What preconceptions and prejudices did Shari Caudron have before she met the Barbie collectors and how did her preconceptions and prejudices change after she spent time with the Barbie collectors? Discuss these questions in a comparison/contrast essay of 1000 words.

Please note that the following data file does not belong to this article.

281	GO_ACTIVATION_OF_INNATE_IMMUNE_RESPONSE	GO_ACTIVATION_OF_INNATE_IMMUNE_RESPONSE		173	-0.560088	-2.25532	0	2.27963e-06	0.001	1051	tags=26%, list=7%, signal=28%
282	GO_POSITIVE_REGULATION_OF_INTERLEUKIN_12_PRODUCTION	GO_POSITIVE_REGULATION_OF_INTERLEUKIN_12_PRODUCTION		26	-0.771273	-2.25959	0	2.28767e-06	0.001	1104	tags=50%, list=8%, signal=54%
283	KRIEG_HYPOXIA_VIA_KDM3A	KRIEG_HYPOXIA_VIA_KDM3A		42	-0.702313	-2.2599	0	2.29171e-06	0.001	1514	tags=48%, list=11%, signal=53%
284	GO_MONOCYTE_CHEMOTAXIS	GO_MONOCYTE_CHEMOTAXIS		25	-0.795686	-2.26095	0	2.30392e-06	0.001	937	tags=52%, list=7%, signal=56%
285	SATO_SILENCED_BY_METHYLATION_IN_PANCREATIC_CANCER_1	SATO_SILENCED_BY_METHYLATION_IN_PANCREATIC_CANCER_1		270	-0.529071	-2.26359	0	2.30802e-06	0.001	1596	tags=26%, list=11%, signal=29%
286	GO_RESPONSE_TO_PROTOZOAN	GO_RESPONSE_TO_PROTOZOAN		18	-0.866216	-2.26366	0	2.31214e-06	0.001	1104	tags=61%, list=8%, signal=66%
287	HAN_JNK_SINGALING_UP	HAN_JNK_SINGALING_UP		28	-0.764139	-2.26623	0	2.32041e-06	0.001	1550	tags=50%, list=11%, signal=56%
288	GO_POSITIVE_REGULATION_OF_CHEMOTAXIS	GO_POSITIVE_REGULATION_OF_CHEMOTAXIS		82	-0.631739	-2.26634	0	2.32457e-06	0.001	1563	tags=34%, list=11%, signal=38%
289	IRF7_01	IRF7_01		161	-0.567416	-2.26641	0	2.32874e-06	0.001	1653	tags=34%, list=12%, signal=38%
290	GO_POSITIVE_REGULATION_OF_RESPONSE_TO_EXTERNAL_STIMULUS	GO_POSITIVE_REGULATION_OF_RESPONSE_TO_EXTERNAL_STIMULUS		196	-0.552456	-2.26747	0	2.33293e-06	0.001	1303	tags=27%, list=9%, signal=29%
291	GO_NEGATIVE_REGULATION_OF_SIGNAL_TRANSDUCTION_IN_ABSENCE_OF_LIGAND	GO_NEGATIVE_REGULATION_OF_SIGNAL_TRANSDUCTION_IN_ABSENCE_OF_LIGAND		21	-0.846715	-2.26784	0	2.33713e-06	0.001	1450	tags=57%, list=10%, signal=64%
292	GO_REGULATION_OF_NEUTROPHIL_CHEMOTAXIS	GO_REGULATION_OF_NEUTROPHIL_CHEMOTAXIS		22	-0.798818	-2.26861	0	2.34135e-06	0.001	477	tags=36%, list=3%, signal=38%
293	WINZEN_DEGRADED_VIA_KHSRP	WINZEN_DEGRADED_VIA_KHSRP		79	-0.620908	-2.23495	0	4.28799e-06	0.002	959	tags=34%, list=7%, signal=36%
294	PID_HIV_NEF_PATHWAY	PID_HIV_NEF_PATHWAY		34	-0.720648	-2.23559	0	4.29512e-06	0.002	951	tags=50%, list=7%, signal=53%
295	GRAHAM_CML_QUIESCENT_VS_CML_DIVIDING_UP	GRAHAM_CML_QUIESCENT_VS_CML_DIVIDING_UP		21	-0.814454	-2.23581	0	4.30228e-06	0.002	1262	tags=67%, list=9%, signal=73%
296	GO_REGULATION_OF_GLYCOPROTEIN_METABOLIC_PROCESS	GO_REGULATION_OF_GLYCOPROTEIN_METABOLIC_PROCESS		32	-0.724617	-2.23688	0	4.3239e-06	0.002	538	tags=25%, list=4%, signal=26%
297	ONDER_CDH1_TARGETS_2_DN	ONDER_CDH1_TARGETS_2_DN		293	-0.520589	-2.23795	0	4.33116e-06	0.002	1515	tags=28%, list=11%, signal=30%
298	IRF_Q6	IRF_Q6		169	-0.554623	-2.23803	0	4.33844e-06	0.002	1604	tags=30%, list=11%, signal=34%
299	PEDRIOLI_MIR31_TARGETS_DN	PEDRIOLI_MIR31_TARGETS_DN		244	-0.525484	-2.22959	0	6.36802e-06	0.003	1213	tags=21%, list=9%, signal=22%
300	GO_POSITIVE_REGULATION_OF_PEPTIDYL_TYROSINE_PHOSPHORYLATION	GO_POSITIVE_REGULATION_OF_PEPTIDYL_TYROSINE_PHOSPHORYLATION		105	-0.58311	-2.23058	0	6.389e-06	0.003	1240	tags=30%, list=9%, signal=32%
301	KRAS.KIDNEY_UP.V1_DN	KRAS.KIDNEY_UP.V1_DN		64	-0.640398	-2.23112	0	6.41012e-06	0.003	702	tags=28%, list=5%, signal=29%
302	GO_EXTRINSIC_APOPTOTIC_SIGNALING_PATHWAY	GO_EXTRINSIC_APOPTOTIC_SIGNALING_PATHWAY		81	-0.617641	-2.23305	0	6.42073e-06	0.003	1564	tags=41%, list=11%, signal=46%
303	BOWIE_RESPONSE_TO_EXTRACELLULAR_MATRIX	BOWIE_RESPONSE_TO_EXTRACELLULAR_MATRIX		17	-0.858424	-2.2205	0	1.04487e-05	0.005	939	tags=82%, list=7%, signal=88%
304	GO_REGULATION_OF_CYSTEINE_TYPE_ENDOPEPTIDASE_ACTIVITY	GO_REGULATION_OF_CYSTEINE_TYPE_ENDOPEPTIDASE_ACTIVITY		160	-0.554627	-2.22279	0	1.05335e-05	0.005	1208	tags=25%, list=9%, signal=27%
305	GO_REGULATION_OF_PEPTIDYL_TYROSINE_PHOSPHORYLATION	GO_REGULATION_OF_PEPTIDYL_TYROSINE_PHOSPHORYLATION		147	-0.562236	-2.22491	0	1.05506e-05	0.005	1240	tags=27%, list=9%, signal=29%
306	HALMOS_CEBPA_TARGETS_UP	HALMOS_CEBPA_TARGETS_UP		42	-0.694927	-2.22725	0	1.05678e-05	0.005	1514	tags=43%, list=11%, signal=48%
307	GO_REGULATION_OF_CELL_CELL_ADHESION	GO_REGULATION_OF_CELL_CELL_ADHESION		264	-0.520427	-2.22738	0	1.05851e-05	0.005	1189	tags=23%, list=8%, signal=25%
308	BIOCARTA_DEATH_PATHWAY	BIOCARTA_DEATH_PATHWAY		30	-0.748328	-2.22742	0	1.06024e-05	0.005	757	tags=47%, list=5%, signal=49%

As per Aristotle, people's most elevated great includes the quest for getting satisfaction from living and thinking admirably. To this end, Aristotle legitimizes this specific claim through clarifying: "the main great is clearly something last. Presently we call what is in itself deserving of interest more last than that which is deserving of interest for something different. Presently a wonder such as this is satisfaction, for this we pick dependably for itself" (Aristotle 570R/571L). In this light, Aristotle's contention here is that the most elevated great must be what is accomplished through completing something which is deserving of realizing all by itself, and for Aristotle nothing fits this portrayal superior to that of satisfaction, regardless of whether such bliss be gotten from hypothetical or down to earth interests. Then again, the Socrates of Plato's Crito adopts a marginally extraordinary strategy to the most astounding goodness. At the start of Crito, Socrates comments that "the great life, the lovely life, and the fair life are the same" (Plato 42R). To this end, the most noteworthy useful for Socrates includes living capably and insightfully consistently and paying little heed to the setting of one's conditions. Socrates puts this thought of the most elevated goodness vigorously by declining to escape his capital punishment in Athens. Socrates makes the contention that in being an Athenian national, he has guaranteed to take after the decisions of Athenian law, in any case if such a law is utilized to sentence him to death. With regards to his obligation to the run of law, Socrates moans about us to "not esteem either your kids or your life or whatever else more than goodness," (Plato 46L) or, different words, living mindfully and dependably. In measuring both of these contentions for the most elevated great against each other, I should state that while I don't intrinsically differ with Socrates' contention, I discover Aristotle's record of the most noteworthy great to be all the more convincing. This is on account of in Plato's Crito Socrates just dubiously spreads out a general philosophical origination of living a decent life, though in Aristotle's own origination of the most noteworthy great he spreads out an organized contention for what such goodness involves, to be specific that the most astounding great must be something which is deserving of seeking after for itself, which for Aristotle is typified in the realization of bliss. In this light, I discover Aristotle's record of goodness more convincing than Socrates' record since it is organized in an unmistakable and consistent way. In spite of the fact that I will likewise qualify my comments by saying that I do by and large identify with Socrates' origination of goodness; I simply think that its less convincing than Aristotle's contending origination. Gathering II: Metaphysics (#4) Holy person Anselm contends for the presence of god on the premise that god is "something â€¦ [of] which nothing more noteworthy can be considered," and consequently as per this line of thought such a divine being "can't exist just in the comprehension, [because] we could imagine it to exist as a general rule as well, in which case it would be more prominent" (Anselm 40R/41L). To this end, Anselm is keeping up that on the off chance that one acknowledges the start that god is "something â€¦ [of] which nothing more noteworthy can be considered," at that point it legitimately takes after that such a divine being must exist, in that the main thing more prominent than having the idea of such a divine being in one's psyche is the truth that that god exists outside of the brain, thusly satisfying Anselm's introduce of god being "something â€¦ [of] which nothing more noteworthy can be imagined" (Anselm 40R). Then again, Saint Aquinas contends for the presence of god on the premise that each reason must have an activity and in this manner that there probably been a first reason that was caused by god, seeing as how, at any rate in Aquinas' eyes, the universe is limited and in that capacity it more likely than not began from a first reason. To this end, Aquinas keeps up that everything has been changed by something different, "However this can't return to unendingness. In the event that it did, there would be no first reason for change and, therefore, no different reasons for change," (Aquinas 43L) implying that without a first reason there would be no universe in any case. In this light, Aquinas sets that the main thing fit for causing the primary reason is god, and hence he bases his contention for god's presence on the possibility that such a divine being would have been important to "cause" a limited universe. From my own particular novice point of view, I discover Aquinas' previously mentioned contention for the presence of god to be more grounded than Anselm's contention. This is on account of Anselm's contention for god's presence appears grounded absolutely in talk and semantics, as though his contention were only a word diversion. Then again, Aquinas' contention for god's presence is grounded in an issue of material science that, shy of present day science, just the presence of a divine being could sensibly resolve. The preface that a limited universe probably had a first reason is a start that for all intents and purposes any individual could without much of a stretch acknowledge. In this manner based on its commence and its legitimate decision, Aquinas' contention for god appears to be more grounded than Anselm's contention. With respect to enticement, Aquinas' contention for god's presence is absolutely influential as in one can't judiciously imagine a limited universe that did not hold up under a first reason, in that such a universe's extremely limit requires an originary causation. Accordingly, shy of having any information of the Big Bag, Aquinas' dispute that god more likely than not caused the main source is a sensible one, as it is hard to think of a thought of whatever other element that could be fit for causing the primary reason. Gathering III: Epistemology (#6) Descartes envisions a "malicious devil" toward the finish of Meditation since he utilizes this idea to represent that most information is questionable and that one must begin from a place of incredulity on the off chance that they are to have the capacity to really locate a dependable establishment for irrefutable learning. To this end, Descartes comments how, in understanding that he would need to begin his quest for learning starting with no outside help, "I would need to tear down everything and start over again from the establishments on the off chance that I needed to set up any firm and enduring information" (Descartes 157L). Accordingly, in conceiving a hypothetical "insidiousness devil" that can delude people into places of false information, Descartes is starting to "tear down everything and start once again" in his quest for "firm and enduring learning" (Descartes 157L). Zhuangzi makes comparative contentions in quest for building up doubt in his own particular grant. For one, Zhuangzi makes the incredulous contention that learning is at last unimaginable in light of the fact that, for him, the separation amongst subjectivity and objectivity can't be survived. He contends such in light of the fact that he keeps up that "Everything is just subjective; there is no such thing as objectivity. So there is no such thing as information" (Zhuangzi 322). In this sense, he sees information as outlandish in light of the fact that people are just equipped for having defective subjective points of view. Working off of this dispute of extreme subjectivity, Zhuangzi makes another doubtful contention based on "general inconstancy," with all inclusive fluctuation being the thought that since everybody sees things in an unexpected way, "There is no real way to choose which recognitions should be trusted," (Zhuangzi 322) which again furnishes us with the suggestion that target learning is inconceivable. The principle comparability between Descartes' wariness and Zhuangzi's suspicion is that the two thinkers influence certain hypothetical contentions keeping in mind the end goal to outline how, by and large (or in all cases for Zhuangzi), what we take to be learning is in truth very deceitful. Then again, the primary contrast between Descartes' suspicion and Zhuangzi's incredulity lies in what both are attempting to accomplish through their incredulous contentions. Descartes' solitary undertakings in doubt with the goal that he can get rid of all false information from his point of view and from that point set up a firm establishment for genuine learning. On the other side, Zhuangzi does not have a helpful end to his incredulity, in that he keeps up his distrustful contentions exclusively to illustrate how there can be no firm establishment for genuine information. In this sense, Descartes' objectives and Zhuangzi's objectives are very extraordinary with regards to incredulity.>GET ANSWER